Some 23 states have voiced opposition to Englewood Health’s proposed merger with Hackensack Meridian Health, filing court papers in a Federal Trade Commission case to say they’ve seen how hospital consolidation raises health care prices without improving the quality of care.
The proposed merger has attracted national attention as a test case of the federal government’s power to intervene in the increasing consolidation of the hospital market in the United States.
Nine friend-of-court briefs have been filed in the case so far by national trade organizations ranging from the American Hospital Association to Catalyst for Payment Reform, an independent nonprofit that works on behalf of employers and heath care payors to get better value for health spending.
Now even the Pacific territory of Guam has joined a “friend of court” brief filed this week by the attorneys general of California and Pennsylvania on behalf of 23 states and the District of Columbia. It urges the U.S. Court of Appeals for the Third Circuit to uphold a lower court’s decision to block the merger temporarily.
First announced in October 2019, the proposed merger would make Englewood Health the third hospital in Bergen County to be part of Hackensack Meridian Health, one of the state’s largest health care systems, with 17 hospitals and more than 500 ambulatory care sites. The 545-bed Englewood hospital would join the flagship Hackensack University Medical Center, eight miles away, and Hackensack Meridian Health Pascack Valley Medical Center in Westwood, also eight miles away.
Executives of both said the deal would bring financial stability to Englewood and improve care for the community, in part by Hackensack’s planned $400 million investment in new operating rooms, cardiac facilities and out-patient offices as well as Hackensack’s absorption of Englewood’s $182 million debt.
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But the Federal Trade Commission argued that the deal would create a monopoly in Bergen County and drive up hospital prices.
The latest brief in the case, from a coalition of states, says that such mergers “lead to increased health care costs in local communities and raise the overall cost of health care.”
“In California, we’ve seen firsthand the effects of a large nonprofit health care system’s anticompetitive practices,” California Attorney General Rob Bonta said in announcing the multi-state initiative.
“Ensuring that there is strong competition in the health care system helps keep prices down and still provides patients with quality care,” said Pennsylvania Attorney General Josh Shapiro.
The coalition’s brief said the wave of hospital consolidation across the country has resulted in large health care systems gaining bargaining power in negotiations with insurers, resulting “in higher prices without any substantial improvements in quality for consumers.”
Joining Bonta and Shapiro were attorneys general from Colorado, Connecticut, Delaware, Idaho, Illinois, Indiana, Maryland, Massachusetts, Michigan, Minnesota, Nebraska, Nevada, New Hampshire, New Mexico, New York, North Carolina, North Dakota, Oregon, Rhode Island, Virginia, Washington, Wisconsin, the District of Columbia and Guam.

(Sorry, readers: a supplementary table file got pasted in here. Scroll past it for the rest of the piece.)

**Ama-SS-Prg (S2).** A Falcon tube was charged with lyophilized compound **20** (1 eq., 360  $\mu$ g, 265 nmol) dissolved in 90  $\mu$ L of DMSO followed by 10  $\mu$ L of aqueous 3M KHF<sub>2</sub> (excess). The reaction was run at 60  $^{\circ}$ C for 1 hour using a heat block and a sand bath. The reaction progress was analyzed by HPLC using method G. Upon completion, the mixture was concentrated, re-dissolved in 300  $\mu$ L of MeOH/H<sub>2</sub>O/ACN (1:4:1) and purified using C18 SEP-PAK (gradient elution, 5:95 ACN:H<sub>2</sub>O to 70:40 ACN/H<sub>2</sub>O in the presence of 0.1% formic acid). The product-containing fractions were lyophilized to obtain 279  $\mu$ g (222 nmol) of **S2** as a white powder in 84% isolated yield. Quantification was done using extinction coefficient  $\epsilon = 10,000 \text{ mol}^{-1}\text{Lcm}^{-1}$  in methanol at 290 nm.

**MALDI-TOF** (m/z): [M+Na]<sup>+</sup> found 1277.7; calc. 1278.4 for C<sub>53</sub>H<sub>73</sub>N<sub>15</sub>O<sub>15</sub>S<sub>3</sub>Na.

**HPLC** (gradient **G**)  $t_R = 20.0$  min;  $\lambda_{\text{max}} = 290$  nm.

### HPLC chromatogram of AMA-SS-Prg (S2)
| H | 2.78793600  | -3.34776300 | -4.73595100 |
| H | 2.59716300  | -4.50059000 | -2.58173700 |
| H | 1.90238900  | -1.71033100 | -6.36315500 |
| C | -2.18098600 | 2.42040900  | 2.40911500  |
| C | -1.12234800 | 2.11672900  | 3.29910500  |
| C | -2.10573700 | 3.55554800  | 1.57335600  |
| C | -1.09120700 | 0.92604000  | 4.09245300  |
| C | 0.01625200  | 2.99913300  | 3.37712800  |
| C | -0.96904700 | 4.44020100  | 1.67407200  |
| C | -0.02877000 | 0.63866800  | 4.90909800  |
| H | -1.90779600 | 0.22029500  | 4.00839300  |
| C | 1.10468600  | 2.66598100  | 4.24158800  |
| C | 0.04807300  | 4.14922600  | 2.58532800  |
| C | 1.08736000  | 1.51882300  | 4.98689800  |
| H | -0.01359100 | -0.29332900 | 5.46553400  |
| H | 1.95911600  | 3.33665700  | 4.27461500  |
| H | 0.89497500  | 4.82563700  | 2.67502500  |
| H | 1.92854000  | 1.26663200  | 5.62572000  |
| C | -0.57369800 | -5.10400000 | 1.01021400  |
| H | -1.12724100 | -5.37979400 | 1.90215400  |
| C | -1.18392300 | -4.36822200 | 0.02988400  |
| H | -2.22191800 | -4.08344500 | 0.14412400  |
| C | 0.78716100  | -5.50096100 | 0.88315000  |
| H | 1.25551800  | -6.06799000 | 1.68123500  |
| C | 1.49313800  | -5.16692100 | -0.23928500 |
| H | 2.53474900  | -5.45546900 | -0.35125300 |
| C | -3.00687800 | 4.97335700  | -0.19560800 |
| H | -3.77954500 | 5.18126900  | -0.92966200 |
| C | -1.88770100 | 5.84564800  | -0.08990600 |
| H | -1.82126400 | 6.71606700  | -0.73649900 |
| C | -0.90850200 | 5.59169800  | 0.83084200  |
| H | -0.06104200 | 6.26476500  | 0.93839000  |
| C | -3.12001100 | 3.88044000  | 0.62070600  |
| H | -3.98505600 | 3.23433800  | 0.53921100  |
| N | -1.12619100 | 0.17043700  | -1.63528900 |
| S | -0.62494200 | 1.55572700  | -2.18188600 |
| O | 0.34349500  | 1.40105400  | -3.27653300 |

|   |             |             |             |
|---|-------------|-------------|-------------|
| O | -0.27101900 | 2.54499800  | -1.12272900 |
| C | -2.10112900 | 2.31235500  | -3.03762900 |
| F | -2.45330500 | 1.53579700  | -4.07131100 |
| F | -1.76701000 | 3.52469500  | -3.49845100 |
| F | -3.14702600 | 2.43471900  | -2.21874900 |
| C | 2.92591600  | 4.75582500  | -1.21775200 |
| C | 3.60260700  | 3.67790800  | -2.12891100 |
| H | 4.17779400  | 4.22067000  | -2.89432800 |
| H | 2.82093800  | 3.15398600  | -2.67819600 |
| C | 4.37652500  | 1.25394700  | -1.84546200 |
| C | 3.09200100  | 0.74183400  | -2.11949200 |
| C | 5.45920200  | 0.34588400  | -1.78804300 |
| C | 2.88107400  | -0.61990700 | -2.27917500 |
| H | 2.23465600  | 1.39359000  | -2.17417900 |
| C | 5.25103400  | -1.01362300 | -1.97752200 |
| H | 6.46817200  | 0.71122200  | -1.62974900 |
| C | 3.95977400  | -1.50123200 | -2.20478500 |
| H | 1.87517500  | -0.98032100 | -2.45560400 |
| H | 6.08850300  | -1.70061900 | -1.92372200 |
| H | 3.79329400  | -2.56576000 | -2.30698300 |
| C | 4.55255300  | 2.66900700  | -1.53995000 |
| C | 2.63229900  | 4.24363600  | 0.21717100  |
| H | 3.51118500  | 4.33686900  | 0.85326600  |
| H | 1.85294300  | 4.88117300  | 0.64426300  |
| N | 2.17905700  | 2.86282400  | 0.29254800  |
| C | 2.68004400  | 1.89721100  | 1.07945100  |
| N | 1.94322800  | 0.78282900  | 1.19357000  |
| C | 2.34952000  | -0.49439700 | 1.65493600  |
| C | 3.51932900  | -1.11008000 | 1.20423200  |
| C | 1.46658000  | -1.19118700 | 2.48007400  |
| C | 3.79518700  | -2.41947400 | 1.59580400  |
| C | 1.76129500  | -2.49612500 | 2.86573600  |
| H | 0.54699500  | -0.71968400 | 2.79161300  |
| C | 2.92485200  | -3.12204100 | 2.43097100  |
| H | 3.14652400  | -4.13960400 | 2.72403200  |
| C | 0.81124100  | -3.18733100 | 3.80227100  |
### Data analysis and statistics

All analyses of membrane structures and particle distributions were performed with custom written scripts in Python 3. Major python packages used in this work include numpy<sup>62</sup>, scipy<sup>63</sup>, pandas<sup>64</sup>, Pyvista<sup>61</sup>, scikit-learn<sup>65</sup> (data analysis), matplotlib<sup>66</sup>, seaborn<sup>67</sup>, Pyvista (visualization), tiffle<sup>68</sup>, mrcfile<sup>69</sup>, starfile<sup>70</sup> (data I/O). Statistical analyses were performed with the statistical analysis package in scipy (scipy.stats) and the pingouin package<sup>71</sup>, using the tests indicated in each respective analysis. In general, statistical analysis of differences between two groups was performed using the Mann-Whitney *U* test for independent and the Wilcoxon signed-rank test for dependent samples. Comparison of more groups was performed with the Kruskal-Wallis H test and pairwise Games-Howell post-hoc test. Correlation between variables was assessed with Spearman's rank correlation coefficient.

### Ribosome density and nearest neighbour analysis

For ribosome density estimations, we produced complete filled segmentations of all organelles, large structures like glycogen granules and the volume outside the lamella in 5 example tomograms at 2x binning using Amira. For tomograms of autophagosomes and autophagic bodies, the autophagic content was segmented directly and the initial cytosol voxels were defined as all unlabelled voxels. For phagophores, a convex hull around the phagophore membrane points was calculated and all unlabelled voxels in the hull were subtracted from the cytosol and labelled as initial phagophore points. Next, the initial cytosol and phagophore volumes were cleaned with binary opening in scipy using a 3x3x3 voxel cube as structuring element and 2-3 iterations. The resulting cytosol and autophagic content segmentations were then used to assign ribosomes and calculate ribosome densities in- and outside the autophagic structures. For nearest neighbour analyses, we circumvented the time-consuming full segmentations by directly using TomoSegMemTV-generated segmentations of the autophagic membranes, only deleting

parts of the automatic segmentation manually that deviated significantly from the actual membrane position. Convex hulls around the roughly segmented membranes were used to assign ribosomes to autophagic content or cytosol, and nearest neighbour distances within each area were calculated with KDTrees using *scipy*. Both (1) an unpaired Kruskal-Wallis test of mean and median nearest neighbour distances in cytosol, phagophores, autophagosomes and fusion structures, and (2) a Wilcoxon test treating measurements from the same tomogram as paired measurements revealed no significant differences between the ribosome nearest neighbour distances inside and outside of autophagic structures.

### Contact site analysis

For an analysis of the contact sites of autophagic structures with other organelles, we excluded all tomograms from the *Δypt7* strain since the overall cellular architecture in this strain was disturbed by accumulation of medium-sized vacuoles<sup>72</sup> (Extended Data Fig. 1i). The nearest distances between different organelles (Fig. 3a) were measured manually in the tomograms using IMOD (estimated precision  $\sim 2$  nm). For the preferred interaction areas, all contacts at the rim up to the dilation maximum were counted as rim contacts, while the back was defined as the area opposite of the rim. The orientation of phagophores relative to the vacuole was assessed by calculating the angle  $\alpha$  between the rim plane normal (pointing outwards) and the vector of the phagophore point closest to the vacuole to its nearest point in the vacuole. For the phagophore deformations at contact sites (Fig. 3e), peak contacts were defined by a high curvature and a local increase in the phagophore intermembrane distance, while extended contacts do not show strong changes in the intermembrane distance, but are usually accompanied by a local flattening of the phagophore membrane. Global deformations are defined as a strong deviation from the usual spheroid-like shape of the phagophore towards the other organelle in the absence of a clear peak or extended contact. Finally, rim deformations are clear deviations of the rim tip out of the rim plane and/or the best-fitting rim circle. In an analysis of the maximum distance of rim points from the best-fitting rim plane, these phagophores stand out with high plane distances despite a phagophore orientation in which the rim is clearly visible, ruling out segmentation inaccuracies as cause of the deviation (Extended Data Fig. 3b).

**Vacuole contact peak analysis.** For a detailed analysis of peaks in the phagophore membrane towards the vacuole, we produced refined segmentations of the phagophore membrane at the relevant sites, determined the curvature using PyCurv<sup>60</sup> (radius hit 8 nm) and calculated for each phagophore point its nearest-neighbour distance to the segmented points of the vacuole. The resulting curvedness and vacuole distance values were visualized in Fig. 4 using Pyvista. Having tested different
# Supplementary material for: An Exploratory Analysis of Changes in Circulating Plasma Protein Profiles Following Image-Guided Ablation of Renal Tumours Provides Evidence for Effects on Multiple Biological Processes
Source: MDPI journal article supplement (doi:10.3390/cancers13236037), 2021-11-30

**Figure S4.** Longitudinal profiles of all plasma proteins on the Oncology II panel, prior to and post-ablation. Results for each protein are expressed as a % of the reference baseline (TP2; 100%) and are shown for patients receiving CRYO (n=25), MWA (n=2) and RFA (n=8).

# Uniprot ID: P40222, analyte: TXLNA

President Joe Biden ordered the federal government, early in his term, to review policies that thwarted competition, to better serve consumers and keep prices in check.
Last month, the American Hospital Association and the Association of American Medical Colleges also filed friend of court briefs. They argued that hospital mergers benefit patients by lowering operating expenses at the acquired hospital and improving patient outcomes through access to better data and higher-level services.
New Jersey’s attorney general and the state commissioner of health have already reviewed the proposed deal, and a Bergen County Superior Court judge approved it.
But in December, the FTC challenged the plan in federal court. In an administrative complaint, the FTC said the transaction would eliminate competition between Hackensack and Englewood and enable Hackensack Meridian to demand higher prices from insurers. That could lead to higher premiums for insurance plan members.
The merger would also remove competitive pressures that drove the hospitals to invest in improvements that benefited patients, the FTC argued.
District Court Judge John Michael Vazquez sided with the FTC and in August granted an injunction that temporarily halted the deal. Hackensack Meridian and Englewood appealed the judge’s injunction in September.
It is not clear when the Third U.S. Circuit Court of Appeals will decide the merger partners' appeal.
Lindy Washburn is a senior health care reporter for NorthJersey.com. To keep up-to-date about how changes in health care affect you and your family, please subscribe or activate your digital account today.
This article originally appeared on NorthJersey.com: Hackensack-Englewood hospital merger: FTC and 23 states oppose